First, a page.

Adding another twist in the race to bring a jack-up rig to Alaska, Escopeta Oil announced Dec. 7 that it plans to buy the Spartan 151 rig headed for Cook Inlet next year.
The Houston independent made the announcement in a letter to the Alaska Industrial Development and Export Authority, a public corporation of the state of Alaska, that is currently considering whether to invest up to $30 million to help another independent purchase a jack-up rig.
Escopeta previously planned to lease the Spartan 151 to drill at its offshore Kitchen Lights unit in upper Cook Inlet. In late November, when Escopeta executed an amended contract with Spartan Offshore Drilling to lease the jack-up, the companies also negotiated a 120-day option for Escopeta to buy the rig outright. Now, Escopeta plans to take advantage of that option.
“We should have something in writing before the end of the year,” Escopeta President Danny Davis told Petroleum News Dec. 8. Spartan President and Spartan CEO Paul Butler confirmed that his firm had begun working with Escopeta on the sales contract.
If successful, Escopeta would first use the jack-up rig to drill its own prospects and then lease it out to other Cook Inlet operators. Spartan, a drilling company based out of Louisiana, recently placed ads in several Alaska newspapers looking for rig workers.
Plan similar to Buccaneer’sBuccaneer Alaska, another independent Cook Inlet operator, is also looking to purchase a jack-up rig for use in Cook Inlet, both for its own offshore acreage and then for lease to other oil and gas companies.
Buccaneer Alaska, the local subsidiary of an Australian independent, recently asked AIDEA to invest between $20 million and $30 million in the purchase of the rig, and to issue $60 million in Recovery Zone Facility Bonds, tax-exempt private activity bonds created by the American Recovery and Reinvestment Act, the federal stimulus bill.
AIDEA is evaluating that proposal and is expected to discuss the matter soon. (Under federal guidelines, AIDEA has until the end of the year to issue the RZFBs.)
In his letter to AIDEA, and a similar letter to Anchorage Mayor Dan Sullivan on Dec. 2, Davis framed the race for a jack-up rig as competition between public and private dollars, saying that while Escopeta wasn’t scared to compete with Buccaneer as one private company against another, it was scared to compete against the State of Alaska, “because once the state has an equity or debtor’s interest in our competition, we don’t know how the state might proceed to further protect or enhance that interest, taking advantage of and possibly mistreating other companies and leaseholders in the Cook Inlet Basin.”
Escopeta: No public assistanceEscopeta said it does not plan to seek public assistance for its project, other than various State of Alaska tax credits offered for jack-up rig drilling and other exploration work.
Buccaneer also plans to apply for those credits, if it is successful in bringing a rig north.
If both companies successfully bring jack-up rigs to Alaska, only the first to drill would get a special tax credit created this year that pays up to $25 million of the first offshore well drilled to a certain depth in Cook Inlet. (The credit also pays significant amounts for the next two wells, but only if all three wells are drilled using the same jack-up rig.)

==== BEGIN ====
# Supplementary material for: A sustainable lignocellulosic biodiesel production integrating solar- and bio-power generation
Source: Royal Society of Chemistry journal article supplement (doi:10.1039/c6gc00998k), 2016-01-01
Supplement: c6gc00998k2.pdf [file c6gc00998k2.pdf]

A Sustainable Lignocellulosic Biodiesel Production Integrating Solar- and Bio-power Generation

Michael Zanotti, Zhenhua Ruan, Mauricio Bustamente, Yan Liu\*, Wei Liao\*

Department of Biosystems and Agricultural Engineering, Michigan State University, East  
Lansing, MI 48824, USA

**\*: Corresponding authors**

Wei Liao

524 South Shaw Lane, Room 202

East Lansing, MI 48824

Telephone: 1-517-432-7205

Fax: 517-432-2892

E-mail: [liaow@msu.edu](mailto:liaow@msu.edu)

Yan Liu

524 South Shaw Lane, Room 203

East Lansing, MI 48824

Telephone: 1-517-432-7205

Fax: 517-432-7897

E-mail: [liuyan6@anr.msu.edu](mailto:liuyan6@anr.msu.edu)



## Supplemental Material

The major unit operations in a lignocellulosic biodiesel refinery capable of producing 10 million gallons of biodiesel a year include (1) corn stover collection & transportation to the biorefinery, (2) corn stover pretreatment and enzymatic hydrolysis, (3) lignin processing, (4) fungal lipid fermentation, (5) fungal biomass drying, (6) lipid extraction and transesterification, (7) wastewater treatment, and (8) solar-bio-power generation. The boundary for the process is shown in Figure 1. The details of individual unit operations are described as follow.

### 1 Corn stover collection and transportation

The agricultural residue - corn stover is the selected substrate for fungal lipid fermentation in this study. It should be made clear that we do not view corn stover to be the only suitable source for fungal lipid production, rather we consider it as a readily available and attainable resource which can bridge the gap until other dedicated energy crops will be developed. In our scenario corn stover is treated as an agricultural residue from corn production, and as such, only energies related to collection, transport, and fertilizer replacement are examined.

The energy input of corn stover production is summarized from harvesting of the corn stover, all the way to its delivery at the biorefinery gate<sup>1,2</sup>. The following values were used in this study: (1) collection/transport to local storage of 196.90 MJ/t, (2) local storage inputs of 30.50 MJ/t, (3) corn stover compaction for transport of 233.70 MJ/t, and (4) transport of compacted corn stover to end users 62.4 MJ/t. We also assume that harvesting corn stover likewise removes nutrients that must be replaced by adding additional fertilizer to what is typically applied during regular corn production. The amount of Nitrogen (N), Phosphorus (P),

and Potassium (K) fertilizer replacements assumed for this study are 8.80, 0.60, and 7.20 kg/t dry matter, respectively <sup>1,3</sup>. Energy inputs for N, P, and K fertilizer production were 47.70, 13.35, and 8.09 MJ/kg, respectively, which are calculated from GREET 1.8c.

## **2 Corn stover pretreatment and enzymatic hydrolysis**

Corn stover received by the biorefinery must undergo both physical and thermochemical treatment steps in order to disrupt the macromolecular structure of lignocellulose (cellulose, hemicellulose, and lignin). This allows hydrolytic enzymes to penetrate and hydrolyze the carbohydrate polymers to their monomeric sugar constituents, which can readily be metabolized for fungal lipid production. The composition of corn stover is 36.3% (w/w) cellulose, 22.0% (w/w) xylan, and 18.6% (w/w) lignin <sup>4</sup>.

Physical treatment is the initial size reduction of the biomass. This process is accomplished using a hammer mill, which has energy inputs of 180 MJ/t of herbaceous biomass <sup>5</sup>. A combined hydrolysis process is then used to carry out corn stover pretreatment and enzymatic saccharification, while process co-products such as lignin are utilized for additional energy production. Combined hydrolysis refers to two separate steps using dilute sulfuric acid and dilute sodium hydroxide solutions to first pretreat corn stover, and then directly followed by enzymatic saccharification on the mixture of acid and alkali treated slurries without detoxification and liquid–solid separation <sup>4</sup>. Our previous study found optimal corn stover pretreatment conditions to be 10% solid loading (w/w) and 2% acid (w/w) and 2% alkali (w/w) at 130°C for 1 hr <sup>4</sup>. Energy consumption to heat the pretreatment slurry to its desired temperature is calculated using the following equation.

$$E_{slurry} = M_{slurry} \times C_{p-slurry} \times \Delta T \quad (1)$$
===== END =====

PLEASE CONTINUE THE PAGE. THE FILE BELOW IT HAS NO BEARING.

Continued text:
Escopeta told state Division of Oil and Gas officials that it would have its rig in Alaska by April 2011. Buccaneer previously outlined a target date of July 2011 for its rig.
Having two rigs operating in Cook Inlet would theoretically bring down the day rate for other companies looking for time on the rig, although Escopeta has already said it plans to offer a rate that is low compared to those offered in other offshore oil and gas provinces.
Several companies hold offshore Cook Inlet leases, although none have publicly said they would use a rig if it were available.
Buccaneer pushing forwardBuccaneer doesn’t see the public-private divide as sharply as Escopeta.
“The proceeds from the issue of the RZFBs is being sourced from private funding so this project will be majority funded by private and not state funds,” Dean Gallegos, finance director for Buccaneer Energy, the Australian parent company of Buccaneer Alaska, told Petroleum News Dec. 7. “Under the terms of the RZFB program the income paid on these bonds by Buccaneer’s subsidiary will be tax free in the hands of the U.S. taxpayer.”
Because AIDEA is simply the agency responsible for allocating the RFZBs set aside for Alaska, Gallegos described AIDEA’s involvement as “administrative and not financial.”
Concerning the proposed direct investment by AIDEA, a quasi state agency, Gallegos added, “AIDEA’s basic mandate is to invest in Alaska and as far as I am aware anyone can approach AIDEA to ascertain if they would invest directly into a project that is of benefit to the state and people of Alaska.”
Asked whether the bonds and loan would be enough to fund both the rig acquisition and the drilling program, Gallegos wrote, “Buccaneer is engaged in discussion regarding funding. Until we have finalized these discussions we do not have any comment.”
Asked if the Escopeta proposal threatened the Buccaneer proposal (by bringing down the day rate for time on a rig, for instance), Gallegos wrote, “Our development of a business plan for deployment of an Alaskan rig allowed for a number of contingencies. We believe our plan adequately covers all scenarios and we have proceeded accordingly.”
—Kay Cashman contributed to this story